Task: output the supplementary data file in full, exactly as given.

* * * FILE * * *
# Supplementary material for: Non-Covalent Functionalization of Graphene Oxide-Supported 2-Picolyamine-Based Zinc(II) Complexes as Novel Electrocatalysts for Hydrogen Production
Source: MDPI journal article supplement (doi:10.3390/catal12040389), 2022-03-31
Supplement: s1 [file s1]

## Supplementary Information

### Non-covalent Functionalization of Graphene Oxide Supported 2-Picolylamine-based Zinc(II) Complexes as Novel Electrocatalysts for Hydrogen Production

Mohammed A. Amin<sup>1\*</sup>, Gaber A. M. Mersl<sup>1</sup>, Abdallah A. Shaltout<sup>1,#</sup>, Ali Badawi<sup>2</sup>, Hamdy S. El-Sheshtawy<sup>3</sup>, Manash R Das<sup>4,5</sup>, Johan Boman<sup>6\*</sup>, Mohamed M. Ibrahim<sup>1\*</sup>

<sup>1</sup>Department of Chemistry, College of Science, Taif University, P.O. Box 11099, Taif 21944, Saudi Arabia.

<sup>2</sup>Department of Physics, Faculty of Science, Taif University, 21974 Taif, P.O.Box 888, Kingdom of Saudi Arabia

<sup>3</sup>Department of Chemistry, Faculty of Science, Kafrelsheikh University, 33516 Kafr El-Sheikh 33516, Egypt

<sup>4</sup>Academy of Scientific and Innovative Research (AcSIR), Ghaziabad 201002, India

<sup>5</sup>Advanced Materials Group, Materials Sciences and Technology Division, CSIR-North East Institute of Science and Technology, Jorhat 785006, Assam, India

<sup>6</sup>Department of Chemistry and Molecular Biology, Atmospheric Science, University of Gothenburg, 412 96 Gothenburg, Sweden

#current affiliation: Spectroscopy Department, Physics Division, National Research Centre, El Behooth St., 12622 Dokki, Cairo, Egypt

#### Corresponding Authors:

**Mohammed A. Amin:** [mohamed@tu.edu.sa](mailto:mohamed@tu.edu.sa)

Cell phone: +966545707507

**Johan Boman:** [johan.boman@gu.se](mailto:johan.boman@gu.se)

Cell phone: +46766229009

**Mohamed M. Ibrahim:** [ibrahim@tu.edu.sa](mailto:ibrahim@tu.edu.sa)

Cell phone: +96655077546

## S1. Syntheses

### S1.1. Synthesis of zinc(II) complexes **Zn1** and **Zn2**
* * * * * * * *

# Supplementary material for: Non-Covalent Functionalization of Graphene Oxide-Supported 2-Picolyamine-Based Zinc(II) Complexes as Novel Electrocatalysts for Hydrogen Production
Source: MDPI journal article supplement (doi:10.3390/catal12040389), 2022-03-31
Supplement: s1 [file s1]

## Supplementary Information

### Non-covalent Functionalization of Graphene Oxide Supported 2-Picolylamine-based Zinc(II) Complexes as Novel Electrocatalysts for Hydrogen Production

Mohammed A. Amin<sup>1\*</sup>, Gaber A. M. Mersl<sup>1</sup>, Abdallah A. Shaltout<sup>1,#</sup>, Ali Badawi<sup>2</sup>, Hamdy S. El-Sheshtawy<sup>3</sup>, Manash R Das<sup>4,5</sup>, Johan Boman<sup>6\*</sup>, Mohamed M. Ibrahim<sup>1\*</sup>

<sup>1</sup>Department of Chemistry, College of Science, Taif University, P.O. Box 11099, Taif 21944, Saudi Arabia.

<sup>2</sup>Department of Physics, Faculty of Science, Taif University, 21974 Taif, P.O.Box 888, Kingdom of Saudi Arabia

<sup>3</sup>Department of Chemistry, Faculty of Science, Kafrelsheikh University, 33516 Kafr El-Sheikh 33516, Egypt

<sup>4</sup>Academy of Scientific and Innovative Research (AcSIR), Ghaziabad 201002, India

<sup>5</sup>Advanced Materials Group, Materials Sciences and Technology Division, CSIR-North East Institute of Science and Technology, Jorhat 785006, Assam, India

<sup>6</sup>Department of Chemistry and Molecular Biology, Atmospheric Science, University of Gothenburg, 412 96 Gothenburg, Sweden

#current affiliation: Spectroscopy Department, Physics Division, National Research Centre, El Behooth St., 12622 Dokki, Cairo, Egypt

#### Corresponding Authors:

**Mohammed A. Amin:** [mohamed@tu.edu.sa](mailto:mohamed@tu.edu.sa)

Cell phone: +966545707507

**Johan Boman:** [johan.boman@gu.se](mailto:johan.boman@gu.se)

Cell phone: +46766229009

**Mohamed M. Ibrahim:** [ibrahim@tu.edu.sa](mailto:ibrahim@tu.edu.sa)

Cell phone: +96655077546

## S1. Syntheses

### S1.1. Synthesis of zinc(II) complexes **Zn1** and **Zn2**